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The Affair of the Poisons: Murder, Infanticide and Satanism at the Court of Louis XIV Paperback – 2 Aug 2004

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Product details

  • Paperback: 400 pages
  • Publisher: Phoenix; New edition edition (2 Aug. 2004)
  • Language: English
  • ISBN-10: 0753817845
  • ISBN-13: 978-0753817841
  • Product Dimensions: 13.2 x 4.2 x 19.7 cm
  • Average Customer Review: 4.7 out of 5 stars  See all reviews (3 customer reviews)
  • Amazon Bestsellers Rank: 133,485 in Books (See Top 100 in Books)

Product Description

Book Description

An historical page-turner - a fantastic mixture of intrigue, crime and passion.

About the Author

Anne Somerset is the author of such best-sellers as Elizabeth I and Unnatural Murder. She read history at King's College, London, and for two years worked as a research assistant for historians such as Hugh Thomas, Antonia Fraser and Nigel Fisher. She is married with one daughter and lives in London.

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First Sentence
At seven o'clock in the evening of 17 July 1676 a small woman in her mid-forties was led out of the Conciergerie prison in Paris. Read the first page
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Most Helpful Customer Reviews

15 of 15 people found the following review helpful By S. Hapgood VINE VOICE on 22 Oct. 2004
King Louis XIV's court was the most glamorous and powerful in Europe at the time, so it's easy to imagine the shock-waves that were generated when several of its core members were accused of poisoning, child sacrifice and devil-worship (David Icke would have been in his element!). At the core of the story are La Voisin, a thoroughly unscrupulous woman who plied her trade as a fake fortune-teller and backstreet abortionist, and her one-time lover, Lesage, who was a sort of predecessor of Aleister Crowley, in that he convinced many people he was a genuine magician, and in spite of his less-than-handsome appearance, had enough charisma to seduce plenty of ladies.
When this unwholeseome twosome were brought into police custody on suspicion of supplying poisons to members of the Parisian elite, they hit upon the idea of delaying their inevitable torture and execution by supplying the police with ever-increasing tales of murder and attempted murder amongst the very highest echelons of society. A sort of grotesque version of the "Arabian Nights". Eventually they implicated Madame de Montespan, a long-time mistress of the King, who had borne him no less than 7 children during her "career", but who was now past her prime, out of favour, and desperate to get back in it. She was accused of taking part in Satanic rituals in order to restore her standing at court.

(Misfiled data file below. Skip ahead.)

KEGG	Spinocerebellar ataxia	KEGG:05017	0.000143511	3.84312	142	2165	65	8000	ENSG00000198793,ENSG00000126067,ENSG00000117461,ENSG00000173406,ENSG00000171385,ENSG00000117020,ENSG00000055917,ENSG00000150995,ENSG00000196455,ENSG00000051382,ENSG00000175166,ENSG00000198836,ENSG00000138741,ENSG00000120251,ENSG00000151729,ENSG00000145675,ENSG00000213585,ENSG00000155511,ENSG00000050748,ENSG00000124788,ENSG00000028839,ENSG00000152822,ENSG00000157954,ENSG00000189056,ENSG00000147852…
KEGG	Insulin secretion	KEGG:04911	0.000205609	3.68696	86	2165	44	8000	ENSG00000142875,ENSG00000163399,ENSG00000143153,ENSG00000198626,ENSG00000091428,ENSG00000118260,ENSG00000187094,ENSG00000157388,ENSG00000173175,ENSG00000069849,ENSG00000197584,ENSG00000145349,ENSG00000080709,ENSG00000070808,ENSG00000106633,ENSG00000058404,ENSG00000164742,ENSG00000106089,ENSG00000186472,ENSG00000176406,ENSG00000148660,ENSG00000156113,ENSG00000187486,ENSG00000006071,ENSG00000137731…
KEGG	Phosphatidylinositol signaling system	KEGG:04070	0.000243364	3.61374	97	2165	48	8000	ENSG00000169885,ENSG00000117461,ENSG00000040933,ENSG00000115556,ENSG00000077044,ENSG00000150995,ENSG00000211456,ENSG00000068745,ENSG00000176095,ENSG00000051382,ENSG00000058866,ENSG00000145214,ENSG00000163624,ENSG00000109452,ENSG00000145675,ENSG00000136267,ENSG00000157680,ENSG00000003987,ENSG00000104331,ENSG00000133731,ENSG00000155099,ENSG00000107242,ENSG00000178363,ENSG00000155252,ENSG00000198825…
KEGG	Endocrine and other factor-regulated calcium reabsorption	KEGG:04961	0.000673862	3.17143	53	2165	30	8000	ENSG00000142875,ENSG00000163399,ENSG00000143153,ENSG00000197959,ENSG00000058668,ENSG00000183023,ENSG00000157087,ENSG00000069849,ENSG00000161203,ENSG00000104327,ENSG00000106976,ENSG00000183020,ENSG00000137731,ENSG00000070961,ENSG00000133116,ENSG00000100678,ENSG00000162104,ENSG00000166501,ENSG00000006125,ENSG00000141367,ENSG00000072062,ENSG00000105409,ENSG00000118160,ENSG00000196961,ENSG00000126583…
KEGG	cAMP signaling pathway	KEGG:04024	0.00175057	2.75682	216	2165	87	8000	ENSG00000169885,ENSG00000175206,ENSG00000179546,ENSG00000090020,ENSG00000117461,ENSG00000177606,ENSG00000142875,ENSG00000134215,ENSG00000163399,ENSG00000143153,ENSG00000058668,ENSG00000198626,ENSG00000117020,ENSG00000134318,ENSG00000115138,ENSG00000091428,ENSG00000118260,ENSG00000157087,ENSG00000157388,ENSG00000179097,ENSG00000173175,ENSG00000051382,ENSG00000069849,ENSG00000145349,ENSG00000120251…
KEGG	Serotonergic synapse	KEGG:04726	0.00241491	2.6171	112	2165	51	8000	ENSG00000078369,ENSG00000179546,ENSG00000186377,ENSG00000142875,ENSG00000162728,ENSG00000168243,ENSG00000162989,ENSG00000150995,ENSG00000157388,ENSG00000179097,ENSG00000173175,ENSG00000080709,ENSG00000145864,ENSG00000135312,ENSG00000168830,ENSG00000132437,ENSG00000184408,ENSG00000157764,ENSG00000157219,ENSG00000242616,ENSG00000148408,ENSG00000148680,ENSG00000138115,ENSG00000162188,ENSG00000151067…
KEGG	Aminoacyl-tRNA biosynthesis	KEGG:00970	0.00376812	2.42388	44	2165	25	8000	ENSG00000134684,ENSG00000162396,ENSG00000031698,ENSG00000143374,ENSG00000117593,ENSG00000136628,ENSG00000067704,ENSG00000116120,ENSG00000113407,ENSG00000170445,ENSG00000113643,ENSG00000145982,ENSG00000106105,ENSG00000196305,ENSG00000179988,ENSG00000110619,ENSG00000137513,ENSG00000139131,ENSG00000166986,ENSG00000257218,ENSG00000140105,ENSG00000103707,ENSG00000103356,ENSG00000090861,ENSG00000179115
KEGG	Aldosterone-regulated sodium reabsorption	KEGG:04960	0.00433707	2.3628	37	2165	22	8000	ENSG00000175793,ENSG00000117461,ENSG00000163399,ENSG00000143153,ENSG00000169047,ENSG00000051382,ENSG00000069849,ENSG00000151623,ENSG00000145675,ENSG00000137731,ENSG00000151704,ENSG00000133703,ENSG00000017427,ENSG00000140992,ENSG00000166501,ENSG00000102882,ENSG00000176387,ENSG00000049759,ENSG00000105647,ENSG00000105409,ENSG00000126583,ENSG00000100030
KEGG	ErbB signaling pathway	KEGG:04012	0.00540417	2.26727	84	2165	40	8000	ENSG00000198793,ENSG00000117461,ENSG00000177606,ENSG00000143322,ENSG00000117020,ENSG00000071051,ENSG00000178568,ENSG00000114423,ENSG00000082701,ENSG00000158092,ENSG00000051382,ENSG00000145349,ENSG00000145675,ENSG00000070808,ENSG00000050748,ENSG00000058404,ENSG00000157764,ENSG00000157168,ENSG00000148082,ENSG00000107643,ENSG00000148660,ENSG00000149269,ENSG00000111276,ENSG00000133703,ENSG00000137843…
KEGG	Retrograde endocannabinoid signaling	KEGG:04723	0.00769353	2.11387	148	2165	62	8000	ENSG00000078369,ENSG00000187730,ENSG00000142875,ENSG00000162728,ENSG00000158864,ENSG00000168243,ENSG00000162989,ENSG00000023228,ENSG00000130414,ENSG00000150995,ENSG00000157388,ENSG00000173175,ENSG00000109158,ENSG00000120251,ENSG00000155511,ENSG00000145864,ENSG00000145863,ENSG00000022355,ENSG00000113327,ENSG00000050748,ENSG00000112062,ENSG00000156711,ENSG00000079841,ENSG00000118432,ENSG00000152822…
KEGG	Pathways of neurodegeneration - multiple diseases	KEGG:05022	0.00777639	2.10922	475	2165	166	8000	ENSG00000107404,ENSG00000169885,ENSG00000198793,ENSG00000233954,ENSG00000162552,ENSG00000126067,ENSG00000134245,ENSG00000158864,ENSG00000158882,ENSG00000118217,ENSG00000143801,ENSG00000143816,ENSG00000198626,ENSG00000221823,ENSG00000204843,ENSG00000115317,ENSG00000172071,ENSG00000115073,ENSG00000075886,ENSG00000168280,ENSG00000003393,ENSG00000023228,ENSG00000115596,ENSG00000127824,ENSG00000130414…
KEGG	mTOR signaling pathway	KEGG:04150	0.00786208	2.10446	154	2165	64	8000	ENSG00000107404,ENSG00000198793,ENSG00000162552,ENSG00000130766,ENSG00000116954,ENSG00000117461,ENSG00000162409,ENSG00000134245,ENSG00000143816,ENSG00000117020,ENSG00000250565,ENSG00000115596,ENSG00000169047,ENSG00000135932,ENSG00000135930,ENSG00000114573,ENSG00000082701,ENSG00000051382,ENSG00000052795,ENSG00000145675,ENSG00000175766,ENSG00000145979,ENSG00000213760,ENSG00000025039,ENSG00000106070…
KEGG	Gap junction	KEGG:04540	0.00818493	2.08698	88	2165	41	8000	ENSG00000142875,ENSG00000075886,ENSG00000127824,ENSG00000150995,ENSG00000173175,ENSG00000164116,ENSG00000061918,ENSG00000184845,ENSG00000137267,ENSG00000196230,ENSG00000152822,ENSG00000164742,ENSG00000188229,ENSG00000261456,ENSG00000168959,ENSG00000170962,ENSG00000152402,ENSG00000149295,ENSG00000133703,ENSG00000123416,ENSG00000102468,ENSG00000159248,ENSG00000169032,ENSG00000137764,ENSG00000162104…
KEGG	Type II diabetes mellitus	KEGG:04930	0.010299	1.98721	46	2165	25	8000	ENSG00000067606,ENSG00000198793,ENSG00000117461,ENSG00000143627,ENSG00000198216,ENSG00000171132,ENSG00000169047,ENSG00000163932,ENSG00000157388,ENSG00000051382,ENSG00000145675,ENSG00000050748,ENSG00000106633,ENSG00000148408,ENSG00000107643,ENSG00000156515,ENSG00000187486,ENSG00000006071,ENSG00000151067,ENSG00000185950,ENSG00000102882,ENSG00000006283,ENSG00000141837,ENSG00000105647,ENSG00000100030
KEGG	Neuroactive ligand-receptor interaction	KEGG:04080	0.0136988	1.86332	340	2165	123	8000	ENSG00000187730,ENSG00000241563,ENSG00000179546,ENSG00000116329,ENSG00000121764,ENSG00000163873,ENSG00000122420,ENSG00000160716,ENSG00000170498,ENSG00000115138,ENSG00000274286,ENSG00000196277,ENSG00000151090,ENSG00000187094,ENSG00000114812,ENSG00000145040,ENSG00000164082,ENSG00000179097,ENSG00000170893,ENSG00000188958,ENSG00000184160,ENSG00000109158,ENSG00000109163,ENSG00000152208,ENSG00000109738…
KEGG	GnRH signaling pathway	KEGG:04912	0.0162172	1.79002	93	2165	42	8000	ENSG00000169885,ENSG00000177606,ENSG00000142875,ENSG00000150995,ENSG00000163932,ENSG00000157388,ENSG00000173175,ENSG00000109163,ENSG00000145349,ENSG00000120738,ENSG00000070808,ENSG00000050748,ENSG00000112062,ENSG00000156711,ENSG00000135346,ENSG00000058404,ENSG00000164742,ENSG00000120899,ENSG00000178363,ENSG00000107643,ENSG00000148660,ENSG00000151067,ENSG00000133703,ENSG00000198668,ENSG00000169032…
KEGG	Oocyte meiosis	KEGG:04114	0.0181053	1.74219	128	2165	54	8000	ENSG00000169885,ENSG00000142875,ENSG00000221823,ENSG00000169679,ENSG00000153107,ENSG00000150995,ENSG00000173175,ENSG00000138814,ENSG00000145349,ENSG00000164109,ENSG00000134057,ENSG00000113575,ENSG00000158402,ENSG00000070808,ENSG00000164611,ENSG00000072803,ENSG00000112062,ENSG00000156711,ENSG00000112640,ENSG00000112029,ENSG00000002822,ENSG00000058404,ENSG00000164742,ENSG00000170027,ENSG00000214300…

All this was aided by the chief of police, who was rather too diligent in his rooting out of scandal. Eventually the situation became quite farcical, with the entire population of Paris seemingly conniving to poison each other! (I couldn't help being reminded of the Satanic Abuse scandals at the beginning of the 1990s).
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2 of 2 people found the following review helpful By M. Baerends on 4 Feb. 2013
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'The affair of the poisons' plunges the reader into the dark world of Paris in the late 17th century, inhabited by a bizarre cast of 'divineresses' and other cheats who sold their clientele not just predictions but also a variety of potions & powders and curses to be used against one's enemies. Most of this seems silly to the modern reader rather than dangerous. At the time however these practises were taken highly seriously; burying a pigeon's heart in the garden of an enemy was considered a serious crime, fully sufficient for a death penalty.
Worried by reports that shady practices had also penetrated Versailles, Louis XIV instituted a legal commission to act against the alleged poisoners. The zeal of the bureaucrats leading this commission together with contemporary legal practises (extensive use of torture) led to an explosion of arrests and convictions in a manner than reminds one of 'purges' in communist systems centuries later. Thankfully, as his former mistress Mme de Montespan ended up being implicated, Louis chose to shut down the commission to avoid embarrassment.
All in all this is a very entertaining and fascinating read, albeit sometimes a little repetitive.
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By jim on 25 Aug. 2014
great buy
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